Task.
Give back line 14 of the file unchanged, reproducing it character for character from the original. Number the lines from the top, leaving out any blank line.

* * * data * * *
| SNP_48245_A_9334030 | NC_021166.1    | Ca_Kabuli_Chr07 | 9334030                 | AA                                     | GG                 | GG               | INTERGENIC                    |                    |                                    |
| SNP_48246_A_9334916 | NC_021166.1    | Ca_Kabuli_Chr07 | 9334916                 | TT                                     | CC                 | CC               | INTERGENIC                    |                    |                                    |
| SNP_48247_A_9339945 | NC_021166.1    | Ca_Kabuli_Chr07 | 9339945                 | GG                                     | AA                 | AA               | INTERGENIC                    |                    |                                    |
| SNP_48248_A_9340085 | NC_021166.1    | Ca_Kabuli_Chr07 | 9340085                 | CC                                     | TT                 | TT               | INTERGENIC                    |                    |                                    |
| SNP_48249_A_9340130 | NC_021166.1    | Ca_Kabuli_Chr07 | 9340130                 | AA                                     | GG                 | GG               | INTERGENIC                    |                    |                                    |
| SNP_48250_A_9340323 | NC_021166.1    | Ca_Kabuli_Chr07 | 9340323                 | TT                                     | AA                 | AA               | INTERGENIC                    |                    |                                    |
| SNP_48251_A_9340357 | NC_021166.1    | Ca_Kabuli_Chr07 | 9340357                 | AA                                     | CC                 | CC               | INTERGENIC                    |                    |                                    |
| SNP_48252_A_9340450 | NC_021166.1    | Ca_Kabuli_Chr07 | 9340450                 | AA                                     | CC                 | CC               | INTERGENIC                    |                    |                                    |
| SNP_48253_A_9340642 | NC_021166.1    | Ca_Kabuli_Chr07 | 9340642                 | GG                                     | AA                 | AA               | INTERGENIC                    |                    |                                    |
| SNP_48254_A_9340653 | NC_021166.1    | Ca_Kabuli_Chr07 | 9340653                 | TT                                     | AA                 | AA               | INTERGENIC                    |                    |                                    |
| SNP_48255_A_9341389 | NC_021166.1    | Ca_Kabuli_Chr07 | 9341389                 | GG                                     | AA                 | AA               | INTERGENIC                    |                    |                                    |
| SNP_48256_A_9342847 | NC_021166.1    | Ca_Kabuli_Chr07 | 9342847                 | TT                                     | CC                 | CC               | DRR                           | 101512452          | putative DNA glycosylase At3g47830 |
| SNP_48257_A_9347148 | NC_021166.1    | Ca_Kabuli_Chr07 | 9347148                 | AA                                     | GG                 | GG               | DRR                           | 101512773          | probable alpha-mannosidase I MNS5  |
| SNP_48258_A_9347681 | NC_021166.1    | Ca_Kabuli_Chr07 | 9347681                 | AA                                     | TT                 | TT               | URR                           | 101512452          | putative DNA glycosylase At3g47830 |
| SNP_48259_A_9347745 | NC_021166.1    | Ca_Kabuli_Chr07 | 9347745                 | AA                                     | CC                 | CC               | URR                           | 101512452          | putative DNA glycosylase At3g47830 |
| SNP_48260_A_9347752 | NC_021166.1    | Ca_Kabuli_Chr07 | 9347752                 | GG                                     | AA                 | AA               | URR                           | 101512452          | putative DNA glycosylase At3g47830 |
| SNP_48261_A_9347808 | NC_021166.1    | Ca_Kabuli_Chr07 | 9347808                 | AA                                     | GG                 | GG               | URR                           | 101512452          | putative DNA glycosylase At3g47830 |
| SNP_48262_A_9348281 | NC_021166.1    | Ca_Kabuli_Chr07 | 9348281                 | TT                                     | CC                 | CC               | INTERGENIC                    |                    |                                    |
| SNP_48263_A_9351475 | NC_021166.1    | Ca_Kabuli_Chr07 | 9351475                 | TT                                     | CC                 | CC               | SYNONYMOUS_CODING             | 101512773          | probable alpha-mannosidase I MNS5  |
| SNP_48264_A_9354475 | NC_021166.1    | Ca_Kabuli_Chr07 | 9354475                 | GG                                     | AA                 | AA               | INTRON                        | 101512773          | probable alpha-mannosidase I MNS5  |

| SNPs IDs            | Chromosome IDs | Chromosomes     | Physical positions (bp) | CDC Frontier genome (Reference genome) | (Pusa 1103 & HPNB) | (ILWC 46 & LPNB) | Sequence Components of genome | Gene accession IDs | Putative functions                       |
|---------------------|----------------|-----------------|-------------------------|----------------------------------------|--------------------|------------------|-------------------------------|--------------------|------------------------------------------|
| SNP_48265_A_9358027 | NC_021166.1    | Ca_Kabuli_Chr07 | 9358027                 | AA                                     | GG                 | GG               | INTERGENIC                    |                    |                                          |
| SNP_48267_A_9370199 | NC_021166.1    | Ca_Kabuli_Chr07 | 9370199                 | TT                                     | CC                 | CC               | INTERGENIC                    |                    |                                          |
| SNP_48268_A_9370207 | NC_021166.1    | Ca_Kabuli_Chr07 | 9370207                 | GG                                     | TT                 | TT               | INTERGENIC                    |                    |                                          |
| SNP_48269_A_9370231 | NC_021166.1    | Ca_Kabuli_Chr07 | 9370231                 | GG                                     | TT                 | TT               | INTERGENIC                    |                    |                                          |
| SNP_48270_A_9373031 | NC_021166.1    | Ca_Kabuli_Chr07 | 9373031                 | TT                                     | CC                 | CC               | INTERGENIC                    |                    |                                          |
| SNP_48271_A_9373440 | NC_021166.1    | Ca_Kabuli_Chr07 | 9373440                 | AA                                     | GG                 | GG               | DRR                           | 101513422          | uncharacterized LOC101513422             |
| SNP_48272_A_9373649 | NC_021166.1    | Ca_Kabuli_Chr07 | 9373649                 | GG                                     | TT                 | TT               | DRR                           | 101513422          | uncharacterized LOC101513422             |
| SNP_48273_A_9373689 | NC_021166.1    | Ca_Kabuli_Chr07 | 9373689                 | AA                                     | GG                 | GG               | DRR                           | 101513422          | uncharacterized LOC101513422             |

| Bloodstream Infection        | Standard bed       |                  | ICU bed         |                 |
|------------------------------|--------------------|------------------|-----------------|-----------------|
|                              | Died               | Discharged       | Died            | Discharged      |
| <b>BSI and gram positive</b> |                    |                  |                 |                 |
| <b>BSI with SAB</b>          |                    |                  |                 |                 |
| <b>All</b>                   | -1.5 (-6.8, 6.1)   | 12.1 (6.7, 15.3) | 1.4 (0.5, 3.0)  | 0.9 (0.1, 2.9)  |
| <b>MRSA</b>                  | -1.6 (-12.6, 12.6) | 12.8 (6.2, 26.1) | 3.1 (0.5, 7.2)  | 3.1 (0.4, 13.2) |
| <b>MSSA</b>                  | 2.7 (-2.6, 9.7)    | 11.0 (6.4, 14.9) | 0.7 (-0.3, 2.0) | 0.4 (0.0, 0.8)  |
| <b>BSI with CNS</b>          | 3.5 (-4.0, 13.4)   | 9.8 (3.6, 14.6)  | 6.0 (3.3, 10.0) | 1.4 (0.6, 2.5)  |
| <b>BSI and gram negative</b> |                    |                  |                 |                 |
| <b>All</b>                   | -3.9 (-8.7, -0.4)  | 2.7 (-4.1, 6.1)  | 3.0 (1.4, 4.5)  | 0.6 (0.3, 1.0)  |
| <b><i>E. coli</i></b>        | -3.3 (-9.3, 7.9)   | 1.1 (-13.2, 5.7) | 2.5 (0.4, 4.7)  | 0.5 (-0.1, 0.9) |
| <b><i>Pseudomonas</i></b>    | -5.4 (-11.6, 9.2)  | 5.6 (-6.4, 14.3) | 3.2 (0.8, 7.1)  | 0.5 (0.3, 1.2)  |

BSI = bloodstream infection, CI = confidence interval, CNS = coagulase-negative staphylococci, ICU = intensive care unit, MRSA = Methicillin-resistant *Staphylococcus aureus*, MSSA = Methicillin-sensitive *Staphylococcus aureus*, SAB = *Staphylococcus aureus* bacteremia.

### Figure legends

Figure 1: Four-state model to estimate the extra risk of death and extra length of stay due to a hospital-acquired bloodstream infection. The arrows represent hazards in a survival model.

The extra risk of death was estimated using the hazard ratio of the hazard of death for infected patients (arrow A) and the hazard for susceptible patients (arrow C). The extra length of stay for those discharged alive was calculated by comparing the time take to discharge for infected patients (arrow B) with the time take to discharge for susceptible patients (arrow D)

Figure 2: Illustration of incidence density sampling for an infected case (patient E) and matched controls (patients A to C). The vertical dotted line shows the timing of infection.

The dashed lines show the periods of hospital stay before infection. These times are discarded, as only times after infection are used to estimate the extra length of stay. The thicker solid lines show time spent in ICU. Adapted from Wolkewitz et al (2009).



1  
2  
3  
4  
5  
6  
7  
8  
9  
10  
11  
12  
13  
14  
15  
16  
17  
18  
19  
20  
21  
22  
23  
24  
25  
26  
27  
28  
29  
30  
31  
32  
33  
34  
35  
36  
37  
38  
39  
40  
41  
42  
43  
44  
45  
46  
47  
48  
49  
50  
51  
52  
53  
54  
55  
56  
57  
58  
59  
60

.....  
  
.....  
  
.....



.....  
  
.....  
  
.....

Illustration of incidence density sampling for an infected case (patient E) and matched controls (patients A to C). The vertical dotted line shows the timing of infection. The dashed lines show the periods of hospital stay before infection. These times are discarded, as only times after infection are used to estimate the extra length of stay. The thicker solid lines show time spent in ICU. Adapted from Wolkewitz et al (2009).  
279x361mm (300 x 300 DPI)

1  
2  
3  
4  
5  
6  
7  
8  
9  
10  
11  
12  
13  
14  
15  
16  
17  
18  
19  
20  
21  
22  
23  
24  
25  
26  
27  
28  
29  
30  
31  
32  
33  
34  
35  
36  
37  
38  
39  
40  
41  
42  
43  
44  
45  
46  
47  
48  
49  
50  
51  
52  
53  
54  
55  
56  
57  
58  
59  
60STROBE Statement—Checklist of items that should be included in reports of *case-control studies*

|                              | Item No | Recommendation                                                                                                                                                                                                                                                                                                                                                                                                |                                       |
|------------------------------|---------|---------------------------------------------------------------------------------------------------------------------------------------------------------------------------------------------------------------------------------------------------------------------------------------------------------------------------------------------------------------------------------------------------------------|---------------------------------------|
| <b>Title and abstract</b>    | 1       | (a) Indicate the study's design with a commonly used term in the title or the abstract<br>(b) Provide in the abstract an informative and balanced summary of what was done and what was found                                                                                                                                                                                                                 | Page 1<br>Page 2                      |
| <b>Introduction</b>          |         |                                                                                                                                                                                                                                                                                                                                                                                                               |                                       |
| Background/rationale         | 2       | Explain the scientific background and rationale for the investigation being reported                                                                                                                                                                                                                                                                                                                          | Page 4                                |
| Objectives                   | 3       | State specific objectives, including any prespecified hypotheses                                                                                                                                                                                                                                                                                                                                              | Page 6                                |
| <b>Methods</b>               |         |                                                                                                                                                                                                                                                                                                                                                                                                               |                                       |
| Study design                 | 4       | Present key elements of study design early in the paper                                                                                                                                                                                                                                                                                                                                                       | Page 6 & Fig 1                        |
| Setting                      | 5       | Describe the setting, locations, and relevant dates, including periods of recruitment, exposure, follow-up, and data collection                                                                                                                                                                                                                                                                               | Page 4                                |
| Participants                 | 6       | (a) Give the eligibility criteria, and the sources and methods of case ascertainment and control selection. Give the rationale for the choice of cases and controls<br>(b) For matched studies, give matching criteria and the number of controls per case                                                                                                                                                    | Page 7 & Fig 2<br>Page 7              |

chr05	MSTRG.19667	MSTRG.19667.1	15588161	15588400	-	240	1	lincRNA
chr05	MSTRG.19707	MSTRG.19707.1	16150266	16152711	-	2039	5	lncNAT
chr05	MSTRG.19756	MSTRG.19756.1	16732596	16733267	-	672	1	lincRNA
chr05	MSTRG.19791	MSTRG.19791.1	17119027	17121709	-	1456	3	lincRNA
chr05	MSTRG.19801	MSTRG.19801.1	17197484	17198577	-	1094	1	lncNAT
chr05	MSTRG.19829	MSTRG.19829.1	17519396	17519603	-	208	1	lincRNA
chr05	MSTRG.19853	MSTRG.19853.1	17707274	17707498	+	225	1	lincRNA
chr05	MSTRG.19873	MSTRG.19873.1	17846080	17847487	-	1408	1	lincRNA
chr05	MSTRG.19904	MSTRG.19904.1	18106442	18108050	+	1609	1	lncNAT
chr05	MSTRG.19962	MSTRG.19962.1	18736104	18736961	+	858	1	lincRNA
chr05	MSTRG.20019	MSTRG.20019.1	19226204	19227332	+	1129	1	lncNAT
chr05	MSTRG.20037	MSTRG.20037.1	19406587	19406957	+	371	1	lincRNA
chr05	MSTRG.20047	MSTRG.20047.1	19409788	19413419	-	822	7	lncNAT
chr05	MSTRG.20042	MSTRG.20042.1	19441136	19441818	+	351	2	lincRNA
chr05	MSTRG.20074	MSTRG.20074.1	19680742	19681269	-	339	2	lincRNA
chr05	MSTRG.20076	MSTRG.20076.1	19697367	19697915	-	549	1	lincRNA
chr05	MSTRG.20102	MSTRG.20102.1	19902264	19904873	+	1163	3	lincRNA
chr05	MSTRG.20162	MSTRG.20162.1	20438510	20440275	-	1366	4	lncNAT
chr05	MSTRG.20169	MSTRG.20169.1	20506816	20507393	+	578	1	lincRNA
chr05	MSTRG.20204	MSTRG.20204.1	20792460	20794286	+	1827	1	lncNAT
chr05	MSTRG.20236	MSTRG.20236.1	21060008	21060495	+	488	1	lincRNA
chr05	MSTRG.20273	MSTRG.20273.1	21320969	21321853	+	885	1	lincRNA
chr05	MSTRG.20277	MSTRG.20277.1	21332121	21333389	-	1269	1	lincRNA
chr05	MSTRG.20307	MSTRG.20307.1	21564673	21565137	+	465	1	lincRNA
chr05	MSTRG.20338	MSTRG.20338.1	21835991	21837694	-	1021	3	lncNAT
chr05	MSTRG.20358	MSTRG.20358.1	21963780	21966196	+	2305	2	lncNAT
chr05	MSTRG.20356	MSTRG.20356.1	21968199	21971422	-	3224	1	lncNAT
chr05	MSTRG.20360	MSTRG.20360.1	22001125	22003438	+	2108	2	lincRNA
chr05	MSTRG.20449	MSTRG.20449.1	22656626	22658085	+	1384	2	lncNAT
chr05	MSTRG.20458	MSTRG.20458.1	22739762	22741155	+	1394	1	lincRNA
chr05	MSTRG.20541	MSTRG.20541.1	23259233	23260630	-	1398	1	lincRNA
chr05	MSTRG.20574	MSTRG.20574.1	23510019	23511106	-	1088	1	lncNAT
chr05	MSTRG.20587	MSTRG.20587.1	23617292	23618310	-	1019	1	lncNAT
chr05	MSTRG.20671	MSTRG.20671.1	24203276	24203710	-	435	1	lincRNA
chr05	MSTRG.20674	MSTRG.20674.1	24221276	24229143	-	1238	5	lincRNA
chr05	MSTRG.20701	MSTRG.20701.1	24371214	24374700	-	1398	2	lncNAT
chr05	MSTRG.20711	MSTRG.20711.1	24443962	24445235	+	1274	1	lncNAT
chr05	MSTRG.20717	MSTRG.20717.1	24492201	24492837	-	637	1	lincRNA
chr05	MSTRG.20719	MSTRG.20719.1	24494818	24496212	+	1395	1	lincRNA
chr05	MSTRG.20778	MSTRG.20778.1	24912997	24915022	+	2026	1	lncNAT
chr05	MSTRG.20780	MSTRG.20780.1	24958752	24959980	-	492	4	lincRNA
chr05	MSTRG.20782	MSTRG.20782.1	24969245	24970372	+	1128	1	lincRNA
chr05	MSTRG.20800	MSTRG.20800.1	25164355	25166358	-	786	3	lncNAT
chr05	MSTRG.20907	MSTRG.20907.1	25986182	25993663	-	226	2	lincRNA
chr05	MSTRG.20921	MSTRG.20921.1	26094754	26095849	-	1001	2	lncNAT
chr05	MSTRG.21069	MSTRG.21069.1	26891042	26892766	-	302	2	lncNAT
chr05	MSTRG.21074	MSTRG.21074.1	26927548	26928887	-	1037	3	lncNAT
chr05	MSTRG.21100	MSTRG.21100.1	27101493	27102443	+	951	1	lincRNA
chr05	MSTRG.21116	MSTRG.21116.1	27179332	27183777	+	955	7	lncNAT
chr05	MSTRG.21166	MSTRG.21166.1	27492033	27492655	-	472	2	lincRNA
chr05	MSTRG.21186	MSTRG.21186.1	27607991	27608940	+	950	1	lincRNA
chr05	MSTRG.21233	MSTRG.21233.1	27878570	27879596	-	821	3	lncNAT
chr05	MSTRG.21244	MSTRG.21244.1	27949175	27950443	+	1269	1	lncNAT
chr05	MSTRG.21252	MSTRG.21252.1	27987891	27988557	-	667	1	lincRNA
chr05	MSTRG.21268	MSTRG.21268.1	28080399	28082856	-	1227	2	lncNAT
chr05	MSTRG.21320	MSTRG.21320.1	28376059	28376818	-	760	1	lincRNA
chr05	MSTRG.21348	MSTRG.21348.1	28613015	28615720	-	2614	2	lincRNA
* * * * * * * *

| SNP_48258_A_9347681 | NC_021166.1    | Ca_Kabuli_Chr07 | 9347681                 | AA                                     | TT                 | TT               | URR                           | 101512452          | putative DNA glycosylase At3g47830 |